A Premium Problem

In a move that showed it is still a believer in the economics and viability of the premium segment despite recent trends indicating otherwise, Singapore Airlines (SIA) has announced more perks and privileges for its most valuable customers, the PPS-card carrying passengers.

SIA said the changes were made in response to feedback from PPS members – those who have spent at least SGD250,000 (about USD179,000) – over five consecutive years. Premium (business and first) passengers generate around 45% to 50% of SIA’s passenger revenue.

Read the full release here.

Our view remains that premium air travel demand is anemic at best. And legacy carriers such as SIA and Cathay Pacific, both heavily dependent on business class, are in denial. This over-reliance on the J Class segment and inability to accept reality will ultimately do them in.

The reality is the legacy carrier model is under intense pressure. Yields from business class have shrunk every year post-9/11, and especially since the Lehman debacle of 2008. SIA posted a net loss of SGD138.3 million in its 4Q (Jan-Mar 2017) but registered an annual net profit of SGD360.4 million (USD257 million).

Now compare that to Ryanair’s latest earnings: almost EUR1.32 billion (USD1.47 billion) net profit. It flew 120 million passengers in its last financial year and charged customers an average of just EUR41, 13% less than the previous year! This year the airline said it is expecting an 8% rise in profits, to EUR1.45 billion.

Nobody disagrees that business air travel is still relevant and a key part of many airlines. It’s just that it isn’t as lucrative as what it was before. Consumers, including corporate travellers, are more price-sensitive and companies are looking at airlines that provide value for money.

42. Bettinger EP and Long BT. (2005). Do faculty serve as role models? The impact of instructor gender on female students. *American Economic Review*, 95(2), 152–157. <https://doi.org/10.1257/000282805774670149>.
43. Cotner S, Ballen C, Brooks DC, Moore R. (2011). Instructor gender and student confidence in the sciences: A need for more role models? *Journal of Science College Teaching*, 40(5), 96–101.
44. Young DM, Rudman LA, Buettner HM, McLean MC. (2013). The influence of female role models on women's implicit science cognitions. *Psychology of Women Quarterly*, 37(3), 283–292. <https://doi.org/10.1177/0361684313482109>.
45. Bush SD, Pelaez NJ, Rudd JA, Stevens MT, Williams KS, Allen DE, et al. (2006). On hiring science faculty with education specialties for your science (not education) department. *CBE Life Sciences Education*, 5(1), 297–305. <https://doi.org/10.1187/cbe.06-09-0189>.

Does SIA give value for money on the front-end of its aircraft? The short answer, in our view, is no. Take a look below at the fares SIA is charging for a return trip to London, and compare that with those being offered by Qatar Airways. It’s a no-brainer, really.

If SIA and Cathay continue to build their strategies around business class, they will get hurt, if they haven’t already. You go too far and too aggressively after high-yielding traffic, you will feel the pain.

In a sign that it’s feeling the pain and strain, for the past year or two SIA has been offering discounts (yes, you read that right) for its business seats – something the carrier had very rarely done, if ever.

AMEX SQ promo

The dynamics of the industry have changed. Forever. Many passengers are quite happy to fly 3-4 hours, or even 6, on economy if the price is right. And many low-cost carriers are getting them right. Now that SIA has shown that it can cut its J class fares, who in their right mind would pay the old fares?

We’ve had many queries on what SIA and Cathay should do, apart from just creating a Transformation Office or cutting management jobs. They can hope and pray that the good old days will return or they can radically change.

To its credit SIA is changing but not enough, and the change has come a tad too late. The airline is being reactive, not proactive. Our point is: why didn’t they do anything 4-5 years ago when the signs already pointed to a permanent decline in premium?

On a separate note, SilkAir is starting 3x weekly non-stop flights to Hiroshima (HIJ) in October 2017. SilkAir is SIA’s regional airline, not low-cost but catering to high-end leisure travellers. It will fly the B737-800 and looks like this will be SilkAir’s longest route.

Can the sector make money? Possible but not easy. The three major mainland Chinese carriers all fly into HIJ as do Korea’s Asiana and Taiwan’s China Airlines. HIJ has no direct expressway connection; neither does it have a railway station, but then again SilkAir’s passengers are typically those who have a bit of cash to burn…

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